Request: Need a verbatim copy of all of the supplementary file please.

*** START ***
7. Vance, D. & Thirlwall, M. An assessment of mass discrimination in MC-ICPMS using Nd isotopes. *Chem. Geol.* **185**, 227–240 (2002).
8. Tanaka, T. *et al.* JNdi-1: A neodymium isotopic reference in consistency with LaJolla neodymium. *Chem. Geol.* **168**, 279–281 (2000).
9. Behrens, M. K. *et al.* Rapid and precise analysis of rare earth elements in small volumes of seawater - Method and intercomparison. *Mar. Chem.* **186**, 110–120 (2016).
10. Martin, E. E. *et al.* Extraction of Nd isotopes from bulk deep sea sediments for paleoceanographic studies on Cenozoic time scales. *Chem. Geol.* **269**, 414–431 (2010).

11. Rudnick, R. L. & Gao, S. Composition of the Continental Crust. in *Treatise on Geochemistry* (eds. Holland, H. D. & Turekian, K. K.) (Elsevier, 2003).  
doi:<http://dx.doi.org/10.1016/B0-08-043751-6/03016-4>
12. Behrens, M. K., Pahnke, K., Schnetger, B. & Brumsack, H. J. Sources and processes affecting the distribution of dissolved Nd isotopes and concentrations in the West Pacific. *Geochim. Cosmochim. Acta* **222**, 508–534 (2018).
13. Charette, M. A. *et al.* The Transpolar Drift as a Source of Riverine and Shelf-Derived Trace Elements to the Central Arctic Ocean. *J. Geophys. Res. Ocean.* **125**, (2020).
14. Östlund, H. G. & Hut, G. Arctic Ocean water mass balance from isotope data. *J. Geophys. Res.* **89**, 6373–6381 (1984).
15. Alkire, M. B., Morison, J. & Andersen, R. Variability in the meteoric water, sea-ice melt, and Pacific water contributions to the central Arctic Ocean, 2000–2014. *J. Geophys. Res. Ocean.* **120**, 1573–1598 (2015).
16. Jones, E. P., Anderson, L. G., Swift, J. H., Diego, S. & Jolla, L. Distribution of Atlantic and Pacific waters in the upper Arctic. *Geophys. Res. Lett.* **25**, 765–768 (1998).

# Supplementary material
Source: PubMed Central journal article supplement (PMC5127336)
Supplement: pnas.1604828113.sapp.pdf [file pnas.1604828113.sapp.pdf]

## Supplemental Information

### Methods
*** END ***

7. Vance, D. & Thirlwall, M. An assessment of mass discrimination in MC-ICPMS using Nd isotopes. *Chem. Geol.* **185**, 227–240 (2002).
8. Tanaka, T. *et al.* JNdi-1: A neodymium isotopic reference in consistency with LaJolla neodymium. *Chem. Geol.* **168**, 279–281 (2000).
9. Behrens, M. K. *et al.* Rapid and precise analysis of rare earth elements in small volumes of seawater - Method and intercomparison. *Mar. Chem.* **186**, 110–120 (2016).
10. Martin, E. E. *et al.* Extraction of Nd isotopes from bulk deep sea sediments for paleoceanographic studies on Cenozoic time scales. *Chem. Geol.* **269**, 414–431 (2010).

11. Rudnick, R. L. & Gao, S. Composition of the Continental Crust. in *Treatise on Geochemistry* (eds. Holland, H. D. & Turekian, K. K.) (Elsevier, 2003).  
doi:<http://dx.doi.org/10.1016/B0-08-043751-6/03016-4>
12. Behrens, M. K., Pahnke, K., Schnetger, B. & Brumsack, H. J. Sources and processes affecting the distribution of dissolved Nd isotopes and concentrations in the West Pacific. *Geochim. Cosmochim. Acta* **222**, 508–534 (2018).
13. Charette, M. A. *et al.* The Transpolar Drift as a Source of Riverine and Shelf-Derived Trace Elements to the Central Arctic Ocean. *J. Geophys. Res. Ocean.* **125**, (2020).
14. Östlund, H. G. & Hut, G. Arctic Ocean water mass balance from isotope data. *J. Geophys. Res.* **89**, 6373–6381 (1984).
15. Alkire, M. B., Morison, J. & Andersen, R. Variability in the meteoric water, sea-ice melt, and Pacific water contributions to the central Arctic Ocean, 2000–2014. *J. Geophys. Res. Ocean.* **120**, 1573–1598 (2015).
16. Jones, E. P., Anderson, L. G., Swift, J. H., Diego, S. & Jolla, L. Distribution of Atlantic and Pacific waters in the upper Arctic. *Geophys. Res. Lett.* **25**, 765–768 (1998).

# Supplementary material
Source: PubMed Central journal article supplement (PMC5127336)
Supplement: pnas.1604828113.sapp.pdf [file pnas.1604828113.sapp.pdf]

## Supplemental Information

### Methods